The UK and the EU are getting “closer and closer” to a Brexit trade deal, according to officials, though negotiations may continue until mid-November to avoid a no-deal.
While idly channel surfing recently, I came across the last few minutes of a parliamentary select committee chaired by Hilary Benn. Giving evidence were Paul Everitt, chief executive at ADS Group (aerospace, defence, security and space); Neil Hollis, regulatory affairs manager at BASF (chemicals); and Richard Torbett, chief executive at the Association of the British Pharmaceutical Industry. All three sectors are vital to our economic success.
Their concerns centred on the impact of Brexit on their regulatory compliance and supply chains. All three added that it was now a question of “damage limitation”. So what exactly will this mean in practice? Let us look at each sector in turn.
Aerospace accounts for 7 percent of UK manufacturing output and directly employs 114,000 people throughout the country (2018 government figures). It’s the second-largest national aerospace industry in the world and the largest in Europe, enjoying a global market share of 12 percent in 2018.
Like the automotive industry, it depends on integrated cross-border supply chains, and is concentrated in a few large firms reliant on many sub-contractors. It depends heavily on both European and global supply chains. It supplies wings and engines for the Airbus range – the only global company to rival Boeing, the US giant. Airbus UK is based primarily at Bristol (Filton) and Broughton (North Wales). It directly employs around 13,000 people, supporting another estimated 140,000 jobs indirectly.
The regulatory aspect of aviation is governed by EU regulation via EASA (European Aviation Safety Agency). Outside this, it will face increased certification costs for airlines and manufacturers alike. EASA certifies aerospace products for Airbus plants and other companies in the UK.
At the end of the UK Brexit transition period, duplication of the EASA rules and regulations by the CAA will be unnecessary and costly.
But it’s not just ‘bureaucracy’. This has real implications for all of us. Inefficiency raises costs and adds to the price of holiday travel which affects us all. For example, the vast majority of EasyJet’s destinations are within Europe, so it has set up a subsidiary airline in Austria, enabling it to benefit from operating efficiencies and to continue to fly throughout Europe.
The chemical industry represents 6.8 percent of UK manufacturing: in 2015, it exported £50bn of products. The industry employs 30,000 in research and development. It is the UK’s second largest exporter to the EU after the automotive industry and the second biggest manufacturing industry overall.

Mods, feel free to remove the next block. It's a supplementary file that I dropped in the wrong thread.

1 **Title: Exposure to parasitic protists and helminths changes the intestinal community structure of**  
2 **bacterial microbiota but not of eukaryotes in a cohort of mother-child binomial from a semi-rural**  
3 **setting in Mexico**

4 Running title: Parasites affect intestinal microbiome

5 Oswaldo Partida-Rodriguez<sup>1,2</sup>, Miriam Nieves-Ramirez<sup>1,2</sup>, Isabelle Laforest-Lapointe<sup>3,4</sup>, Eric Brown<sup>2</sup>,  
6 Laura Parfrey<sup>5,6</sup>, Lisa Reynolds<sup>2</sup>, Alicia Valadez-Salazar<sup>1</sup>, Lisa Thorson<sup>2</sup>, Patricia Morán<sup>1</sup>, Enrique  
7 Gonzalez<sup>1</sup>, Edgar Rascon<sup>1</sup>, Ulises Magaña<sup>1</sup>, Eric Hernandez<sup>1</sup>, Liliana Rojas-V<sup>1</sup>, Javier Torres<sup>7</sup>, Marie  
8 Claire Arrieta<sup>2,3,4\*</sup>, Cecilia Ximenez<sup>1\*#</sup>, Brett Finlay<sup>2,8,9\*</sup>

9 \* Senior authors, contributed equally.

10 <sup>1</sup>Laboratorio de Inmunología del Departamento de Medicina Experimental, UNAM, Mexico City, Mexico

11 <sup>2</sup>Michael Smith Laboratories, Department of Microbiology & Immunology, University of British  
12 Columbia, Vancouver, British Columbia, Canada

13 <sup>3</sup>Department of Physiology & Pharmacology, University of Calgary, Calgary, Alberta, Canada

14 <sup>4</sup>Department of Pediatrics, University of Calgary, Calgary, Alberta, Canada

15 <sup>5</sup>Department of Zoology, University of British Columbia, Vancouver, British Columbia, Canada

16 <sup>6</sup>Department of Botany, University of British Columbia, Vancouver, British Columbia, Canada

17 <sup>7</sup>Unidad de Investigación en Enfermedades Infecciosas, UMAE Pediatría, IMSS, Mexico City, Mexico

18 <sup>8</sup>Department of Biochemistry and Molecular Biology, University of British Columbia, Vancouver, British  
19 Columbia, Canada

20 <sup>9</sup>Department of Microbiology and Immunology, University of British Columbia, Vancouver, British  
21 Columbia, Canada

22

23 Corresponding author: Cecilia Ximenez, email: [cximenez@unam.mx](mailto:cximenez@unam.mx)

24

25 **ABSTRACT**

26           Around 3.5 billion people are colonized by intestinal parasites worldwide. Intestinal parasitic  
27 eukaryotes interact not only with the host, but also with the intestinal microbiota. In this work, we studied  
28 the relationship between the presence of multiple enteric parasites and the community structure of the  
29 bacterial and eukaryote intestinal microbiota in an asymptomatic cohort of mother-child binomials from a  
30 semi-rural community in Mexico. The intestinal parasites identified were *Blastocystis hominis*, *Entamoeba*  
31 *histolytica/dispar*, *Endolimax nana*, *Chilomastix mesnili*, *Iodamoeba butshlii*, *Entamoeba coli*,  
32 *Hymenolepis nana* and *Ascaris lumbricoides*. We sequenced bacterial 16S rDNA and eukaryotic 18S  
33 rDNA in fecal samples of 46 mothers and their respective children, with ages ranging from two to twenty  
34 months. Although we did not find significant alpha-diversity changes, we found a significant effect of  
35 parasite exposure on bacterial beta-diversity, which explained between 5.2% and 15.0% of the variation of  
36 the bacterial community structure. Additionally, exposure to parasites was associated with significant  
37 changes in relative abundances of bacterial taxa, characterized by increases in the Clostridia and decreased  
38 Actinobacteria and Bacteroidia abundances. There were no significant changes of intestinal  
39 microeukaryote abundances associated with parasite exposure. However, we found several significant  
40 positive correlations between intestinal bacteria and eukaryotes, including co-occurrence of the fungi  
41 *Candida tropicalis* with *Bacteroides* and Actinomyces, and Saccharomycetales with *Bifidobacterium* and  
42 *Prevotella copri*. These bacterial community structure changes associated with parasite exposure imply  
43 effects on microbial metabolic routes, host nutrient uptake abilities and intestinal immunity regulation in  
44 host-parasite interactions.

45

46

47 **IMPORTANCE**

BBC News reported that Brexit would hit it hard, according to a paper from the government’s own Exiting the EU committee. It faces “significant non-tariff barriers” – or obstacles to trade. It could be forced into transferring more than 9,000 registrations to the EU in order to continue selling its products there. New chemicals might need to be registered in both the UK and EU. Standard registration fees vary from 1,700 euros (about £1,500) to 34,000 euros (about £30,300). Back in 2018, Mary Creagh (former MP for Wakefield) forecast that 500,000 direct and indirect jobs would be at risk, and billions of pounds of investment.
The ECHA (European Chemicals Agency) was created by the EU under its REACH regulations (registration, evaluation, authorisation and restriction of chemicals). It authorises waste material shipment and processing. After the transition period, suppliers of new chemicals to the EU and UK must follow both EU REACH and UK REACH rules.
Peter Foster, writing in the Financial Times, noted that the UK chemical industry estimated it would cost £1bn to duplicate the EU regime, and that smaller companies might not survive a move to an equivalent UK safety registrations agency. The Cornelius Group’s factory in Suffolk makes chemicals for the production of contact lenses. Their safety registrations, now held in the ECHA’s REACH database in Helsinki, will all need to be re-registered with a new UK equivalent. For the Cornelius Group, this means re-registering 2,000 chemicals – and within a two-year government deadline.